October 23, 2018 | Katherine Adams
The Clear Lake Association of Senior Programs began its 2018 speaker series in September with a lecture on the relationship between exercise and nutrition for health, presented by Associate Professor of Exercise and Health Sciences William Amonette. On Nov. 1, Amonette will deliver the second part of that presentation, focusing on the benefits of exercise to overall health in senior citizens, from 5:30-7 p.m. in University of Houston-Clear Lake’s new Exercise and Nutritional Health Institute.
The presentation is scheduled to coincide with ENHI’s Grand Opening, in which the community is invited to tour the three labs designated for ENHI research. “Dr. Amonette thought it would be a great way to introduce the university’s new institute to see firsthand the benefits of exercise to the people in this age group,” said Executive Director of Strategic Partnerships Dwayne Busby. “His first lecture was extremely well attended, so people are very interested. Everyone will have the opportunity to see demonstrations of the leading-edge equipment in the labs.”
“I have been honored to speak at CLASP for the past three years, Amonette said. “Each time, it was the highlight of my year. I sincerely appreciate the community they have built and I am grateful for the way they have welcomed me into their group.”
Amonette said he would take this opportunity to stress the importance of exercise, physical activity and nutrition throughout all stages of life. “As we age, it is even more critical because we are so close to the minimal amounts of strength, power, and metabolic capacity needed to complete our normal activities of daily living – small losses can result in tremendous impacts on our quality of life,” he explained. “Exercise and nutrition can create a buffer between the need for assistance and functional independence.”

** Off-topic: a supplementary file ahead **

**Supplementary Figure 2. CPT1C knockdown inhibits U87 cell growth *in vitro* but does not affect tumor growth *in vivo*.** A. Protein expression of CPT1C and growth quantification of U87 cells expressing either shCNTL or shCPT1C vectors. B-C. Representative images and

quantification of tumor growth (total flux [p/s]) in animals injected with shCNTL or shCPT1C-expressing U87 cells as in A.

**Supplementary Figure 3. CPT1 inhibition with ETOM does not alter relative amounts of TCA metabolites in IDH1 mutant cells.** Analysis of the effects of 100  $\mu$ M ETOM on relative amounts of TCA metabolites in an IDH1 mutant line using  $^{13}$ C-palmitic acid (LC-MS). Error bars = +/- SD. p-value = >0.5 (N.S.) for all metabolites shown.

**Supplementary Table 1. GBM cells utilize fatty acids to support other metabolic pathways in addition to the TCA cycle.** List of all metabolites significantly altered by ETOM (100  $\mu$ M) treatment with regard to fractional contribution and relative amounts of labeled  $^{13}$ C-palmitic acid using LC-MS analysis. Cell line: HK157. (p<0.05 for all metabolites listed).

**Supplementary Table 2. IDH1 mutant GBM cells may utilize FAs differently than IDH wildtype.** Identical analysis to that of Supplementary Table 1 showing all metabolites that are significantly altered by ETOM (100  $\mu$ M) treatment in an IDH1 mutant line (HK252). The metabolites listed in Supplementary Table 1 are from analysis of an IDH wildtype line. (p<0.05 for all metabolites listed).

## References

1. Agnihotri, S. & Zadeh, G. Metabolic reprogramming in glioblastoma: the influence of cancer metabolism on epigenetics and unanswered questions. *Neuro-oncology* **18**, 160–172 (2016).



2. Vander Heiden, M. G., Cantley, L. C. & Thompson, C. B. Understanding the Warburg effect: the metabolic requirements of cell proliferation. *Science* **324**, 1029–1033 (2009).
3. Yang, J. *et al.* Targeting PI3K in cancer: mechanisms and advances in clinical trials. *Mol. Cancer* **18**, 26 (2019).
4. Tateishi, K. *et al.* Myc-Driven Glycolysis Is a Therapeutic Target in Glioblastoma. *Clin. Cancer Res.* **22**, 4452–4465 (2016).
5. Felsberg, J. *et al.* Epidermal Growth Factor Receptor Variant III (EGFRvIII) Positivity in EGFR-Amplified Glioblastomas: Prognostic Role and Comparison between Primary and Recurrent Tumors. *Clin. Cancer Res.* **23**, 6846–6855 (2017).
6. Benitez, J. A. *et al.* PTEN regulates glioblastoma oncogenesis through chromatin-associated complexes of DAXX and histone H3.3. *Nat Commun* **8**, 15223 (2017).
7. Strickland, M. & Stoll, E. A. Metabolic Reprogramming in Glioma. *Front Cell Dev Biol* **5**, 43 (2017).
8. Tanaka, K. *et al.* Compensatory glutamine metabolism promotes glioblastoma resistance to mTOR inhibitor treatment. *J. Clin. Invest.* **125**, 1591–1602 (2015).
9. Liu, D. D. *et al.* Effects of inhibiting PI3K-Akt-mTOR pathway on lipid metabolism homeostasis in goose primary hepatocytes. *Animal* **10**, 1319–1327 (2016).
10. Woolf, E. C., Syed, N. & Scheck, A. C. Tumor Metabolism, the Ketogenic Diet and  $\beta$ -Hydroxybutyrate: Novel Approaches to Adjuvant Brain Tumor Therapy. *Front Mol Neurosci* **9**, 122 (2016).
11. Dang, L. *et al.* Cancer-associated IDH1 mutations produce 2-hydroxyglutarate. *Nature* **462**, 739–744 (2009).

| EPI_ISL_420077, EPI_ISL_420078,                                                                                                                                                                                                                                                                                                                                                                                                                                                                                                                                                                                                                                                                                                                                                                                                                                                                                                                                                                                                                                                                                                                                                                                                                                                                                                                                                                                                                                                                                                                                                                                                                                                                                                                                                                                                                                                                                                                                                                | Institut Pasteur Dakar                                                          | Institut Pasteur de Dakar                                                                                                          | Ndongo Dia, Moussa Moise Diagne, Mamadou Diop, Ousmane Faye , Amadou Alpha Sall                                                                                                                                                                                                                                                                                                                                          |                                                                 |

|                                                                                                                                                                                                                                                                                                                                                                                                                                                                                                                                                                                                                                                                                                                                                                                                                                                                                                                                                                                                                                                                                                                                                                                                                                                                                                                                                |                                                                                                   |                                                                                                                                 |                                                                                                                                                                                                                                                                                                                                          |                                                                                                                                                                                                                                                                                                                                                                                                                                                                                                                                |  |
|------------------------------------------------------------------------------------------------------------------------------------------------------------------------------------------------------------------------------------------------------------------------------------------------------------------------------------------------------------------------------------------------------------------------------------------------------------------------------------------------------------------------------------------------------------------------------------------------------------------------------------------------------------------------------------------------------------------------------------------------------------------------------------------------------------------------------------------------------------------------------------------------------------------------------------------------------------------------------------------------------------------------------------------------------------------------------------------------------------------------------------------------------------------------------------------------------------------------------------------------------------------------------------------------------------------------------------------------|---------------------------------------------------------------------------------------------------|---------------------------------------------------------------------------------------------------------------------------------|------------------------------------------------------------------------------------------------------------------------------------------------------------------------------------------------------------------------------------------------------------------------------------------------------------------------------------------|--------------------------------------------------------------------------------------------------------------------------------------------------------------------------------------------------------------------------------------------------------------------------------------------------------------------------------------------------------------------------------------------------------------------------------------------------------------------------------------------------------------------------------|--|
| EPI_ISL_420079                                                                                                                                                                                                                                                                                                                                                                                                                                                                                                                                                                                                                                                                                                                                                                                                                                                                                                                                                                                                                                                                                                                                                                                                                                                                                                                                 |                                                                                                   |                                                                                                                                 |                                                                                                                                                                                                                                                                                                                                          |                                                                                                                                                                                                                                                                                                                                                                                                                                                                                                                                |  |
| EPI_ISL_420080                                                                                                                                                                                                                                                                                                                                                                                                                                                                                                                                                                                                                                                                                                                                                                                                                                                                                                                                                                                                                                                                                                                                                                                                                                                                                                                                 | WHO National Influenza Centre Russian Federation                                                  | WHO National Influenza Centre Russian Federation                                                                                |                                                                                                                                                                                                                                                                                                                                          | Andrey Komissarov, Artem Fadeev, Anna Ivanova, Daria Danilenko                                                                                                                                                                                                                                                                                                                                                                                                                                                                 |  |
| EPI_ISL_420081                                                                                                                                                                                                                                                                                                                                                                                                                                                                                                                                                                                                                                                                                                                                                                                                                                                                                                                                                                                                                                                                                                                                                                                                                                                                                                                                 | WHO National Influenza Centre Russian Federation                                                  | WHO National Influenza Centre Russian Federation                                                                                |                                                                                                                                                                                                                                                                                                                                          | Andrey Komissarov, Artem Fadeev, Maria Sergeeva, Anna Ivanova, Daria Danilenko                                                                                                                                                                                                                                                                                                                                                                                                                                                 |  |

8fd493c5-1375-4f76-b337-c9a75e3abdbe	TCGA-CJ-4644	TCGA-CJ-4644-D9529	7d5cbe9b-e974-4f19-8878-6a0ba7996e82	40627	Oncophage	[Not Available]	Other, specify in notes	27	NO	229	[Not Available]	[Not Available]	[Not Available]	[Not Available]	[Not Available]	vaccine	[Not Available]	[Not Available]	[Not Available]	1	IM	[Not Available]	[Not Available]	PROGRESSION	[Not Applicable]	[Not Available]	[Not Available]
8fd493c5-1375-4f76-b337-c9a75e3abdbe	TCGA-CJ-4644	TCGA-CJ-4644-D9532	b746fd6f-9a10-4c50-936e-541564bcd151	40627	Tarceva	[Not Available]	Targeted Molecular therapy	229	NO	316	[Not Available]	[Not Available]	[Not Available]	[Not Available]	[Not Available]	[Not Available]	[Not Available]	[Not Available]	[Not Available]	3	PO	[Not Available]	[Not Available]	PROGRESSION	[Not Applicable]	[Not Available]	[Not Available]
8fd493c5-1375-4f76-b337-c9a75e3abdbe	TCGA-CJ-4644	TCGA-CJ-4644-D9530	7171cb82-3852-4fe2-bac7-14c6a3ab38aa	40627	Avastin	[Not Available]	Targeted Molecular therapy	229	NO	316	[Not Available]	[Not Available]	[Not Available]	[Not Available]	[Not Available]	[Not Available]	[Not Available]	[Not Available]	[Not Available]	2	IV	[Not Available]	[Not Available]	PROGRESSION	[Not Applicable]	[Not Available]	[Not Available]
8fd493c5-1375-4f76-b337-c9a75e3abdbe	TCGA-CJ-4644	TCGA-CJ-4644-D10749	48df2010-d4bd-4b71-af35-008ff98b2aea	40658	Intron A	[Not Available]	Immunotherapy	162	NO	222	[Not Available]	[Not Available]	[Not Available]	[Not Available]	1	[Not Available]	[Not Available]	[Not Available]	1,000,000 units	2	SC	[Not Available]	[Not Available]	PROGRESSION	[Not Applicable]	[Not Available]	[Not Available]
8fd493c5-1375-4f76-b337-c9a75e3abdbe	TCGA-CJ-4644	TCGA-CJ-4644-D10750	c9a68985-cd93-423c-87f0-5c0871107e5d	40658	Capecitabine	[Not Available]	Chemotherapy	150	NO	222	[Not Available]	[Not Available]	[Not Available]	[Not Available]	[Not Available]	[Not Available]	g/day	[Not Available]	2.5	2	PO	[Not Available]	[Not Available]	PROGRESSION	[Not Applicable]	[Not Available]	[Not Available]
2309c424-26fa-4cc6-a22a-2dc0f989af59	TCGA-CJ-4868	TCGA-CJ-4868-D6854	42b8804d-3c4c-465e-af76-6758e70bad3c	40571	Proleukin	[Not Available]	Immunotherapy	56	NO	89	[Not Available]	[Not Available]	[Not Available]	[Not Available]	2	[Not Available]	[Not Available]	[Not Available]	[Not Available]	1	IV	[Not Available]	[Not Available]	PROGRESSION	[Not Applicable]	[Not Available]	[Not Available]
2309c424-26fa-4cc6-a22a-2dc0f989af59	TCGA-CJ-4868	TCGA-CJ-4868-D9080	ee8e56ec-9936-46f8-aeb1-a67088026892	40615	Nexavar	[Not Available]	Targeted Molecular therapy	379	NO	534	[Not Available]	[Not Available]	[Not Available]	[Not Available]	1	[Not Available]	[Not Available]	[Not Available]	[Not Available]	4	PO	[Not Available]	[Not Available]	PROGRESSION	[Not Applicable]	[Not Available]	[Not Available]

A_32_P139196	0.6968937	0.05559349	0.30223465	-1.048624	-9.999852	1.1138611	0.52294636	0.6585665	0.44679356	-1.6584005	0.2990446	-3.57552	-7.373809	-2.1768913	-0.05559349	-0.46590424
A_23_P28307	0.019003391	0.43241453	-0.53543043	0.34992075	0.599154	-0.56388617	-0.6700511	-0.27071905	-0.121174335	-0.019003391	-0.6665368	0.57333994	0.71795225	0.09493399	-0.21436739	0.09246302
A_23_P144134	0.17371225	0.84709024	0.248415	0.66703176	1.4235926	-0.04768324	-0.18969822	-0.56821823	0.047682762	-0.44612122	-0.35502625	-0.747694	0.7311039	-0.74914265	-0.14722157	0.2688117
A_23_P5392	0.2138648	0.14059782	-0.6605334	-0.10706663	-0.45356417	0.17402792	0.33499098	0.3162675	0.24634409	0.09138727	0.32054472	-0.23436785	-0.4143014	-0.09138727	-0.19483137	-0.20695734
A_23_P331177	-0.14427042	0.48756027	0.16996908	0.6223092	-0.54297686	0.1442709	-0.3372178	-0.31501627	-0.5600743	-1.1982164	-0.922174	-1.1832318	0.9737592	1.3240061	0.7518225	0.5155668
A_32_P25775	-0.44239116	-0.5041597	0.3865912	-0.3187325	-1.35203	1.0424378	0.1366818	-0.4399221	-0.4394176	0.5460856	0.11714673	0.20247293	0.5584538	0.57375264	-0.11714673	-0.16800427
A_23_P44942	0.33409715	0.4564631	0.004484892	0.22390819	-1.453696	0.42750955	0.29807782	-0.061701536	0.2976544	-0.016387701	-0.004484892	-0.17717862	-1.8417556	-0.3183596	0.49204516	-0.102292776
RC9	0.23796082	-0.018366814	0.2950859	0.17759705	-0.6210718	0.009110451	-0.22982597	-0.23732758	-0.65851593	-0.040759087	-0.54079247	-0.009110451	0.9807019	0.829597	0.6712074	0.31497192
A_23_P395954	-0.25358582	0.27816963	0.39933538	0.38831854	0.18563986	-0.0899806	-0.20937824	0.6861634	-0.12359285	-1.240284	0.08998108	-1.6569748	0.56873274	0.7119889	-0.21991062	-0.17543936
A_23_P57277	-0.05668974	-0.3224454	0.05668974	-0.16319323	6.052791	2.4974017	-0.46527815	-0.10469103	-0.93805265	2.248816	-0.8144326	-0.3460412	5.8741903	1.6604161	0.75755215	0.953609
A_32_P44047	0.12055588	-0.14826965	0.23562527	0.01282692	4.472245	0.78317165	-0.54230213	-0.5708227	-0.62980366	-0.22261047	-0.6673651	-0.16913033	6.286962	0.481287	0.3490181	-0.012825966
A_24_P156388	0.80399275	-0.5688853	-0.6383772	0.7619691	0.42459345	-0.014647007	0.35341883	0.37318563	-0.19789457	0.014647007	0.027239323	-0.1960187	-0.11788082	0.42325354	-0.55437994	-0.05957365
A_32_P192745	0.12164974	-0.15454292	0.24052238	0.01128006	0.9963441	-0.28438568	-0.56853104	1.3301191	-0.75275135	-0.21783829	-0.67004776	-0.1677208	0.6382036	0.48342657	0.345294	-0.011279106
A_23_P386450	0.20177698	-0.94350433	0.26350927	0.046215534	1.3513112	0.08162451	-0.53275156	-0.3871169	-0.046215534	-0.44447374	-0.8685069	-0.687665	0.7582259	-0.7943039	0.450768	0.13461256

Amonette said the aging population would benefit profoundly and directly from the institute's programs. “I’m excited for the potential impact that our programs and science can have on the aging Clear Lake community, but I believe our students will benefit as much as anyone,” he continued. “I love that they will gain experiential learning opportunities in research and personal training, but I also know there is so much wisdom to be gained from their interaction with this community. I am excited to learn from our participants and to watch our students build relationships with a special group of people from different generations.”
“We are trying to be as diverse as possible in the topics we choose for CLASP lectures,” Busby said. “We’re trying to broaden our reach. We think including this in our lecture series will accomplish that.”
For more information about CLASP, visit www.uhcl.edu/academics/extended/clasp.